After finally paying off your mortgage, many would say that it’s time to crack open that bottle of champagne and celebrate.
But now that you have money to spend (rather than save), you’ll inevitably be left asking the question: “What do I do with all my leftover money?”
Money management facts
With high house prices, the idea of owning a home and having a mortgage has become less popular. According to the Australian Bureau of Statistics (ABS), the number of Australians owning their homes was reduced by 66% in 2017-18. Conversely, the number of households opting to rent increased to 32%. The percentage of households who owned a home with a mortgage had also increased to 37%.
With mortgages sucking up a substantial amount of money, statistics are showing that Australians do not have large savings. In fact, the household saving ratio reached an 11-year low when it fell to 2.6% in 2018-19.
It comes at no surprise that surveys have revealed that many Australians still struggle with the task of managing their finances. A 2018 ASIC report showed that 1 in 5 Australians had reportedly not saved money over the last six months, and 12% struggled to accumulate enough money needed to fund their expenses.
However, Australians who have paid off their mortgage are said to be more budget-conscious. Rather than spending their money on unnecessary items, a 2019 survey showed that Australians with mortgages are spending over 30% of their disposable income on their mortgage, which experts are attributing to ‘mortgage stress’. The survey also showed that owners/occupiers of homes with a mortgage experienced the lowest levels of financial comfort.
Investing your mortgage money wisely in 2020
However, managing your money when you’re free of a mortgage can be just as stressful. There are so many options when it comes to what you can spend it on, and it’s often too easy to fall into the trap of splurging on unnecessary holidays and shopping sprees. While it’s good to treat yourself once in a while, it’s important to think long term. These tips give you some ideas on how you can manage your funds wisely in the New Year.
Invest in property
Numerous people elect to invest in property because they can touch and see their investment. Furthermore, they can track how their wealth is growing.
Another benefit is this type of wealth requires minimal capital investment on your part. You also have to pay very little off the mortgage as your tenant pays the majority for you.
Property investment can reduce the tax that you pay using a negative gearing strategy. This philosophy increases your residual income further while you are working. Then, when you are ready to retire, you can choose to sell your assets to fund your retirement. Alternatively, you can sell some of your investment property. The money can then be used to pay off others so you can live off the rental income.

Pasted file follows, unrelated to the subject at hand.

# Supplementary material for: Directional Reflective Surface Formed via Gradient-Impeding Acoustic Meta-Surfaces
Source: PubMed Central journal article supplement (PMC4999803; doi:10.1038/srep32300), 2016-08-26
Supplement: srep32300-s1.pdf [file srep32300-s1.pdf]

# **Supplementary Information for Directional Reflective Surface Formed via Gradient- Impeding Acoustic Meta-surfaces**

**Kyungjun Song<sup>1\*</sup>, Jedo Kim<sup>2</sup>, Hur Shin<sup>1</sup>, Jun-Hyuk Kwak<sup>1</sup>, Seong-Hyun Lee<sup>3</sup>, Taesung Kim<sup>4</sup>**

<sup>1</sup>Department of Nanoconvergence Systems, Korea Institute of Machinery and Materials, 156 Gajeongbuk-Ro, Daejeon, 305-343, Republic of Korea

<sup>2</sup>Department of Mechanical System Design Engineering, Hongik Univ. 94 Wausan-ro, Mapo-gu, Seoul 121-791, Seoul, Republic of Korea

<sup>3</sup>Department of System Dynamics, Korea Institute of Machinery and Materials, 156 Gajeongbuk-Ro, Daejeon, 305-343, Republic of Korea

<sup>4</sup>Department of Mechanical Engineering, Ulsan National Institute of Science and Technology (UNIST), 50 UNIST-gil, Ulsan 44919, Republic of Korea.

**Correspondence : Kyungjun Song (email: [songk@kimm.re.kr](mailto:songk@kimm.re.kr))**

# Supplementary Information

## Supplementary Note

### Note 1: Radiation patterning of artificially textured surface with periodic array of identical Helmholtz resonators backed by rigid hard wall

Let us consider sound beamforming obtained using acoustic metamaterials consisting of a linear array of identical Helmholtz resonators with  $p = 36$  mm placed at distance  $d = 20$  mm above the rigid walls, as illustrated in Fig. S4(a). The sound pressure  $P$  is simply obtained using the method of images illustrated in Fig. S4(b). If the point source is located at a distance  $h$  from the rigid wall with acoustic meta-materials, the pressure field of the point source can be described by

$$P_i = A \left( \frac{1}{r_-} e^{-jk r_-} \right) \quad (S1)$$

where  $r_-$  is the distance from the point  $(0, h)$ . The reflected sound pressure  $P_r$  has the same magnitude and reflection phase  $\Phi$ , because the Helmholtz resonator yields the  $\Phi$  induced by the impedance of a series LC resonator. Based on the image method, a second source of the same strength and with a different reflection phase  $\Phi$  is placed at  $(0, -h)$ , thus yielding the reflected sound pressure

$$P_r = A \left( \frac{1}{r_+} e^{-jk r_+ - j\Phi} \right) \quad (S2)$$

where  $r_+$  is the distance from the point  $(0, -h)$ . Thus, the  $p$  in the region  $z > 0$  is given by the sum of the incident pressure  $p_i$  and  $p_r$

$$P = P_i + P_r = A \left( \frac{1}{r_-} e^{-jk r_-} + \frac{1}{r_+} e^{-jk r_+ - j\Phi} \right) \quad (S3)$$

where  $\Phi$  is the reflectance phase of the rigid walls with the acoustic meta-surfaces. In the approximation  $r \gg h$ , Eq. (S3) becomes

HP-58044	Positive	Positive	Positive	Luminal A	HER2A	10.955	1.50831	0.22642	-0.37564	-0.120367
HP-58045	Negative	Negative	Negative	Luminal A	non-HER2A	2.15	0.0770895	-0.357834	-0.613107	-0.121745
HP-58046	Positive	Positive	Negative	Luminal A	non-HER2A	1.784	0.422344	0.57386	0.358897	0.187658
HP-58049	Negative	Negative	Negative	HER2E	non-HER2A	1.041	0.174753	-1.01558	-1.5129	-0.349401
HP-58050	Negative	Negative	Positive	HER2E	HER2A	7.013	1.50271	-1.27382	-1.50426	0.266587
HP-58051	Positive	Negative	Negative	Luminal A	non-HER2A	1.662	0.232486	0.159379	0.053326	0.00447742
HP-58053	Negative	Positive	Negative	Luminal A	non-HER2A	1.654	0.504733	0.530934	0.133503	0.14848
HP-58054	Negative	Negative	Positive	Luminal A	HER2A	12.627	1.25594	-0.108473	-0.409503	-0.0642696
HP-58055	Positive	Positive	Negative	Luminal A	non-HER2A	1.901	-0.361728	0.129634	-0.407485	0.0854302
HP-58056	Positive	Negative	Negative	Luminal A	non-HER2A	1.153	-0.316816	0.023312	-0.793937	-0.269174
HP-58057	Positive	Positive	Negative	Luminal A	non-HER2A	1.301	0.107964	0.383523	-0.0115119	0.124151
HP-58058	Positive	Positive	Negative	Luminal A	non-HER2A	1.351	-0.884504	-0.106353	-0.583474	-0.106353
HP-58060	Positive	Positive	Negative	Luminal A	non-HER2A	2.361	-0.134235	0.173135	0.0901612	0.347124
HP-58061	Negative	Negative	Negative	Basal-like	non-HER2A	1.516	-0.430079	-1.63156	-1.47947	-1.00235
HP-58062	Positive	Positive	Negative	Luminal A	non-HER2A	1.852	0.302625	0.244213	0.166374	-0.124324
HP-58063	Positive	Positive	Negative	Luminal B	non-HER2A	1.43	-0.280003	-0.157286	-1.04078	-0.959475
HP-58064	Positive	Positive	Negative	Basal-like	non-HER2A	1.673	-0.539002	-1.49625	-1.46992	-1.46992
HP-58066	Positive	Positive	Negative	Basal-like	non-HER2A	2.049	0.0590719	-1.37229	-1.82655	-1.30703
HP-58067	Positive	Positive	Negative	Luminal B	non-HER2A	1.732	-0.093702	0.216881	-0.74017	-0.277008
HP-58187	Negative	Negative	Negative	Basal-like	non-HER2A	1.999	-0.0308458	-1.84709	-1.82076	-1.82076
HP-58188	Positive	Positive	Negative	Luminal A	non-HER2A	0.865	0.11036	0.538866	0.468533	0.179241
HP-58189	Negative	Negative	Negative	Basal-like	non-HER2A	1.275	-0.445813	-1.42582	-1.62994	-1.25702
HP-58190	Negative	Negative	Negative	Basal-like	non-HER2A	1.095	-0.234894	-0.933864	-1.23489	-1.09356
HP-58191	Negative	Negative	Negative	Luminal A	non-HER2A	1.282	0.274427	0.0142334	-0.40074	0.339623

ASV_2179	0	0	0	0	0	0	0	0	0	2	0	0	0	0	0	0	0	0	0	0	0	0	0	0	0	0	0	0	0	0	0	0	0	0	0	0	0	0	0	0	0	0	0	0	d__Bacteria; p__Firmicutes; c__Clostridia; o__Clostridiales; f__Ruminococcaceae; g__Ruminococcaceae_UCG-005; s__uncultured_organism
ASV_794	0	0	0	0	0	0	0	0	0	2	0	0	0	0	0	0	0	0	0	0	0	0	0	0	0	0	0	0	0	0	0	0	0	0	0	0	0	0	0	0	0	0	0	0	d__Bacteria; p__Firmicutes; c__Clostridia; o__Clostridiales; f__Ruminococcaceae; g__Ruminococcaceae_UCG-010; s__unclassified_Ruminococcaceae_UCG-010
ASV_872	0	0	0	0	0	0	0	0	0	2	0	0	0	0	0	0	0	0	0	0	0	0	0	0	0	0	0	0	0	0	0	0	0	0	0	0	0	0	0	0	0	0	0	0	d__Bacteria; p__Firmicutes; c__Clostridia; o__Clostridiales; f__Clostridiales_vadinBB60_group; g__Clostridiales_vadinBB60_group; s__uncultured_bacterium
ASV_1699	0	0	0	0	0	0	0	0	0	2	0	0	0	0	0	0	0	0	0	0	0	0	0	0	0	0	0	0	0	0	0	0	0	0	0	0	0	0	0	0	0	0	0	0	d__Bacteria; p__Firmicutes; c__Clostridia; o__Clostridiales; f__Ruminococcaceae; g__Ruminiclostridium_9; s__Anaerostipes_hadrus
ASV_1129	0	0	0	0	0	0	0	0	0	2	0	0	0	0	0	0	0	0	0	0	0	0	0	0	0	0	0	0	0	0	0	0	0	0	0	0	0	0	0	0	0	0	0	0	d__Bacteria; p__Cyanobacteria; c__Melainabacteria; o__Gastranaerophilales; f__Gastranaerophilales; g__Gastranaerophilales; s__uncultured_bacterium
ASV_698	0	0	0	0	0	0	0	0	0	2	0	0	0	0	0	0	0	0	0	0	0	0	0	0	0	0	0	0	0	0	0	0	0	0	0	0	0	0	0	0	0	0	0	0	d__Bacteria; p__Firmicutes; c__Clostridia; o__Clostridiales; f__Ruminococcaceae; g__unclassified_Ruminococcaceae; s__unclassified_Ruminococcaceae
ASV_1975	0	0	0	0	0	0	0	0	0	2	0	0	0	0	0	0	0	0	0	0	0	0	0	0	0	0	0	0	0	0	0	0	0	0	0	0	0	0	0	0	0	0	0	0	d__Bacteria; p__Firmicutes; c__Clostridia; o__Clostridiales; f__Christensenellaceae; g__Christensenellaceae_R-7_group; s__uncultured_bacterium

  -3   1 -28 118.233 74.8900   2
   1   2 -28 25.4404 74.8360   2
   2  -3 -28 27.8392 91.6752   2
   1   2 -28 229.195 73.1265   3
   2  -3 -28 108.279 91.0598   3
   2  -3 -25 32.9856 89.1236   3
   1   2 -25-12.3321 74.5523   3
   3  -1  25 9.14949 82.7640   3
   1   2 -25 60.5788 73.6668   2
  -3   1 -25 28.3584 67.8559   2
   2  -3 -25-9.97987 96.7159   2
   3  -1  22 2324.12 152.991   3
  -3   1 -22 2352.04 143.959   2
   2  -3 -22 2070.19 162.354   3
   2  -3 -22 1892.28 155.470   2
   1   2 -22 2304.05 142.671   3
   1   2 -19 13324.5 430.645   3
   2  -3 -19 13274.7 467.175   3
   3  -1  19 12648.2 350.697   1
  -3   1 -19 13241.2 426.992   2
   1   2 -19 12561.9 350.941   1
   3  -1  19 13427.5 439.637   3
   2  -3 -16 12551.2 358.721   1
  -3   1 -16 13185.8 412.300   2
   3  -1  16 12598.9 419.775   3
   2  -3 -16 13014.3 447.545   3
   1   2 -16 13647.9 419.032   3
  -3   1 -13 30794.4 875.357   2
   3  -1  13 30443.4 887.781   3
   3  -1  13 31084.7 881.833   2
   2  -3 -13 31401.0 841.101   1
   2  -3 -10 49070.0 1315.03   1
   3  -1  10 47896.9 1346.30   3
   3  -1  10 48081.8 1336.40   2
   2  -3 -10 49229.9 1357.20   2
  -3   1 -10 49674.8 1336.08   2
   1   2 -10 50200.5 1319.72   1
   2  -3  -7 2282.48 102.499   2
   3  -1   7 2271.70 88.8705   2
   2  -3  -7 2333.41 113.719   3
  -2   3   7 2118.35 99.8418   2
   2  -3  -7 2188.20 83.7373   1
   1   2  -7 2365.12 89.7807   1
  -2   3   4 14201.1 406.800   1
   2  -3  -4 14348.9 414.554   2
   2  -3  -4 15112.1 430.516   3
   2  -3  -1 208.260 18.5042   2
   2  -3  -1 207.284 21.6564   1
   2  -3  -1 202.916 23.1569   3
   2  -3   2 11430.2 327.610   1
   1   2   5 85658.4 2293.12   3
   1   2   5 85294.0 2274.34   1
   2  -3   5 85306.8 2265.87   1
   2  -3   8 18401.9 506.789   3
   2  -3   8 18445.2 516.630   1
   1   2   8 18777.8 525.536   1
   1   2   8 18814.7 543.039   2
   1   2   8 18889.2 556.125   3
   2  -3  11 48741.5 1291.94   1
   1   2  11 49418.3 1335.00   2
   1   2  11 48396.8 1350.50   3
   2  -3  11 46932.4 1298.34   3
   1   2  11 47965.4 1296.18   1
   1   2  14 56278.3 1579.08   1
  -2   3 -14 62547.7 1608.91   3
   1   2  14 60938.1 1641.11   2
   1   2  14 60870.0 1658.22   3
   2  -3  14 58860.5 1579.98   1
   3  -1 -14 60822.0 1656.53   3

Make the most of low interest rates
Buying an investment property now, when interest rates are at an all-time low, means you can make your money work harder for you. Nevertheless, many investment advisors suggest having a buffer that covers at least 6 to 12 months of the mortgage. Applying this strategy will protect you against any interest rate rises and also reduce your financial risk.
As many Australian homeowners say, there is no secret to paying off your mortgage, it just takes diligence and discipline. Hence, you can also apply this strategy to your investment property so that you build greater retirement wealth. Just remember to plan and set yourself goals before jumping into property investment.
Buying the right investment property
Once you have outlined your plan and set goals, it’s time to look at what’s available. Traditionally, houses have higher capital growth than apartments. Yet, apartments and units have a higher rental yield. For this reason, many investors choose to buy a mixture of property, as this diversifies their investments. Ideally, you should purchase property that meets your needs long-term.
Invest in shares
Despite all the disheartening reports of an impending recession, there is still time to invest in shares and not lose out. Consider buying shares in a company and then selling them for profit when the time is right. You may also get extra money from dividend payments. According to strategists at Macquarie Group Ltd, investors should consider buying shares in stocks with rising earnings. Contacting a stock-broker may also provide you with useful guidance through this process.
Strengthen your retirement funds and savings
Use any extra money you have to contribute to your superannuation fund. Contributing more to your superannuation sooner will pay off in the long run due to the interest that is accumulated. It will also be wise to use your money to pay off any existing debts such as credit card debts, and once this is done, creating specific savings accounts for any savings goals that you are working towards. It may also be handy to set aside some money as a ‘safety net’ in case of any emergencies.
Words by Vidya Kathirgamalingam
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